Effects of treatment

Skin changes during treatment

Superficial radiotherapy works by killing cancer cells and as a result, the skin will need time to recover.

This cycle of skin change is expected and completely predictable. Over the course of weeks, the skin will first become dry and then red. As the cancer cell dies, the skin may form a protective scab. Once the scab has healed, the skin is expected to recover with minimal to no scarring.

The way the skin responds to treatment depends on a number of factors such as:

  • The location e.g. is the skin on the ear or the arm?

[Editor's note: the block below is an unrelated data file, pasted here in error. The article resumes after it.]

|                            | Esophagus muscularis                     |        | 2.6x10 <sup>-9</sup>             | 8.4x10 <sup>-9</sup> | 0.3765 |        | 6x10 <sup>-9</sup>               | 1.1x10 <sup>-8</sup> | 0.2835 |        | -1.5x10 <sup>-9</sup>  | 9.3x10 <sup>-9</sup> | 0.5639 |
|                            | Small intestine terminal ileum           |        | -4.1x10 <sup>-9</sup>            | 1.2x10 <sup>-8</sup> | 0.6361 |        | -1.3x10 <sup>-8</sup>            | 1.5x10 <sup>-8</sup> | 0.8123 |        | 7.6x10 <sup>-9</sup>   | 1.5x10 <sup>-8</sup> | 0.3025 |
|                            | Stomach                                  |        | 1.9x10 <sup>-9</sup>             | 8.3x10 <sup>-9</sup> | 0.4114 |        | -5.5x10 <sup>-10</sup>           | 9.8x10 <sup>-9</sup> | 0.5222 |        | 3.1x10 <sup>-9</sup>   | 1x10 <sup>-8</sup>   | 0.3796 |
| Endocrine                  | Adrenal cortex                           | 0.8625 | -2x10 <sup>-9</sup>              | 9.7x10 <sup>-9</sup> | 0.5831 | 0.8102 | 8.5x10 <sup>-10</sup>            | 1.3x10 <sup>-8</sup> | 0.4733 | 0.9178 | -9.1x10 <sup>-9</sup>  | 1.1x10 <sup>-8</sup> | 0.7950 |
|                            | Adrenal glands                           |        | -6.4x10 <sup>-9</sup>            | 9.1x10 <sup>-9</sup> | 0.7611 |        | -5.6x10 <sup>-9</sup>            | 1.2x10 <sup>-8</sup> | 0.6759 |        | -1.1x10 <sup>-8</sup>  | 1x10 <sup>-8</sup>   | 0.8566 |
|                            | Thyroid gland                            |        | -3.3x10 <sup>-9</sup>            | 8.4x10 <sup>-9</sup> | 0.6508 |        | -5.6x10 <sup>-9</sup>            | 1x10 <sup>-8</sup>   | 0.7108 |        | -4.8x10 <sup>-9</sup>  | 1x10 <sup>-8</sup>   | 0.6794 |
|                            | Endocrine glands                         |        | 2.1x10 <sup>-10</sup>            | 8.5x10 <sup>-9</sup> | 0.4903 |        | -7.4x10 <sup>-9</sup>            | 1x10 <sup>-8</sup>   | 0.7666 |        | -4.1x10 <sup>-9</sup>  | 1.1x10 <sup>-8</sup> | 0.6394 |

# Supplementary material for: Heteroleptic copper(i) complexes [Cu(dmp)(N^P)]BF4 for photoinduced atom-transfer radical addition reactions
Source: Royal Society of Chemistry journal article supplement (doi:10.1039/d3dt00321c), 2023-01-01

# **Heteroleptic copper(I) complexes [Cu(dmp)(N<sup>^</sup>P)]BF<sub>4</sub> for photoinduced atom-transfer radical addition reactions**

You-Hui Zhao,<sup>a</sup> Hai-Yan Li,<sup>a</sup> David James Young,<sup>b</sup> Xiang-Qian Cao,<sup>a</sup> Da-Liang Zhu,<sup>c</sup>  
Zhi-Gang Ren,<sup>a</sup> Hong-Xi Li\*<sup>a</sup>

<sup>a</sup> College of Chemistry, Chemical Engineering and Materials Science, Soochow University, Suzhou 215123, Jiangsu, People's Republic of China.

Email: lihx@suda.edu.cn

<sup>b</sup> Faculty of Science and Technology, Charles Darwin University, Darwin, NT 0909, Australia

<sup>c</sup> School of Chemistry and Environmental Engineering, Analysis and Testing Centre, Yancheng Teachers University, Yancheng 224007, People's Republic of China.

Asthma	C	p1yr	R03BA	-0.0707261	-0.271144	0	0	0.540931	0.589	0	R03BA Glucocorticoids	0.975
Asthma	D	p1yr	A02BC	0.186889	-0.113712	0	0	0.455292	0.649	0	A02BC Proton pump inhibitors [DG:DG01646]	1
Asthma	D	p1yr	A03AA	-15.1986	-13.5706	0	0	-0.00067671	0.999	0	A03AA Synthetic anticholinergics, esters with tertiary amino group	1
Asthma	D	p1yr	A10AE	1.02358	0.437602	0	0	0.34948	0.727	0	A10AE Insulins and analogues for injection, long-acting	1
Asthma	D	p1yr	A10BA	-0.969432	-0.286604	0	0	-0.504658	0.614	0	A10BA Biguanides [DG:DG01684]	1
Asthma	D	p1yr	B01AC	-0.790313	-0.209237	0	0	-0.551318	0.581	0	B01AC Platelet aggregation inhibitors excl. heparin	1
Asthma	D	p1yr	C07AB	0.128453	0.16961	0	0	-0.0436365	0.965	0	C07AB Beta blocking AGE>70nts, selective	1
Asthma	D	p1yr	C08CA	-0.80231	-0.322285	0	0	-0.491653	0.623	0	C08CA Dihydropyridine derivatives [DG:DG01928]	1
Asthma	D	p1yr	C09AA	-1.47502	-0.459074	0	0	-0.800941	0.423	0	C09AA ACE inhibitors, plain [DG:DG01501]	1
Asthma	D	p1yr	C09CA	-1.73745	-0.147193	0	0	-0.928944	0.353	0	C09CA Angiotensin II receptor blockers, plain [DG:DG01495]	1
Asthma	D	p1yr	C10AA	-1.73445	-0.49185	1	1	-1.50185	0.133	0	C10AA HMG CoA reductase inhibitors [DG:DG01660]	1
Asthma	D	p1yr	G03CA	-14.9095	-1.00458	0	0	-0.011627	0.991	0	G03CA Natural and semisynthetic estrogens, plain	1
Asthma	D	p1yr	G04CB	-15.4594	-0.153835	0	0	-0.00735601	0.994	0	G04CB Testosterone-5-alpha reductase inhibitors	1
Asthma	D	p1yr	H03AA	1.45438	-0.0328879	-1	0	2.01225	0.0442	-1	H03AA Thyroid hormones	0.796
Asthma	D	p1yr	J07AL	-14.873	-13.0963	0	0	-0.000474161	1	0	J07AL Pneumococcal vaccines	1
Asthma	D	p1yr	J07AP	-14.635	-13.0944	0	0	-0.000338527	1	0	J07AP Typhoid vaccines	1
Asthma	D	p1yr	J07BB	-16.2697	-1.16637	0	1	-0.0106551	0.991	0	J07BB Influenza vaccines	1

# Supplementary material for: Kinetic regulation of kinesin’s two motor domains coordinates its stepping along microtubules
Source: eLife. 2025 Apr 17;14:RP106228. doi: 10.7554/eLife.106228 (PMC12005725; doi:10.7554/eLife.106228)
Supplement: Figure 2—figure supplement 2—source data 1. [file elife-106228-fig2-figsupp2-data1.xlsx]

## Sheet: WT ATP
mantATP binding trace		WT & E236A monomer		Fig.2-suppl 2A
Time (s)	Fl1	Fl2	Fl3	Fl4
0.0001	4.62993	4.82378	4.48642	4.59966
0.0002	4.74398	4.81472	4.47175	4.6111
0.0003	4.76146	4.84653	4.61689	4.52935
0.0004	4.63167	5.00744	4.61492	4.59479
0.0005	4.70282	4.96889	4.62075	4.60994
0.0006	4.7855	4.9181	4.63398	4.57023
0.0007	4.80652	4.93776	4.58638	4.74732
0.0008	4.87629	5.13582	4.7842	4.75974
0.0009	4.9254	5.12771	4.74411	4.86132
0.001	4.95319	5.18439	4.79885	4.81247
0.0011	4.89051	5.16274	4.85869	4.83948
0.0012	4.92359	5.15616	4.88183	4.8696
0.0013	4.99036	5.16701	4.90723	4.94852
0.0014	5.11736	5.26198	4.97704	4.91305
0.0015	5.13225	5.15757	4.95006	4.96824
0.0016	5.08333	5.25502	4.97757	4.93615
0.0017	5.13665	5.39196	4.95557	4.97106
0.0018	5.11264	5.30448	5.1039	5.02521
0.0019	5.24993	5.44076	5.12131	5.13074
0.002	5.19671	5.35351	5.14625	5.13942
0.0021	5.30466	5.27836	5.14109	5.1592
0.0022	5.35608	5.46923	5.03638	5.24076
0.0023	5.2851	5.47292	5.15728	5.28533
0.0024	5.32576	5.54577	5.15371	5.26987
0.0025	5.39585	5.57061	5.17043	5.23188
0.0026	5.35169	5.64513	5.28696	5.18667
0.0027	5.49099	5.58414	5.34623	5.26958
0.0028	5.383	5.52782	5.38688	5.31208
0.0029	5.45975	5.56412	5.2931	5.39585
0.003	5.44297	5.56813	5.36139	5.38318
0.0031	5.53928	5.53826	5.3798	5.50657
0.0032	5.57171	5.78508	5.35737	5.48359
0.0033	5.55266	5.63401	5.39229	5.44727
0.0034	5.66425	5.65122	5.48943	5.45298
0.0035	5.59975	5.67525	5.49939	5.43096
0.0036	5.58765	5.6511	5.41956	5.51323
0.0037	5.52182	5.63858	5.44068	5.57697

• The size and area of the skin being treated
  • Previous injury and sun exposure in the treatment area
  • The quality of blood supply to the skin
  • Illness such as diabetes
  • Medication such as steroids
  • Treatment factors such as the radiation dose and the number of treatments.

Everyone’s skin is different and responds to therapy in it’s own way. Your doctor will discuss any expected changes to your skin and provide treatment as and when required.

Before & after treatment images

Sml nose pre - Patient 1 - cropped   Sml nose post - Patient 1 - cropped

Resized - Nose pre - Patient 2     Resized - Nose post - Patient 2

re-sized - leg pre     2 Resized - Leg post



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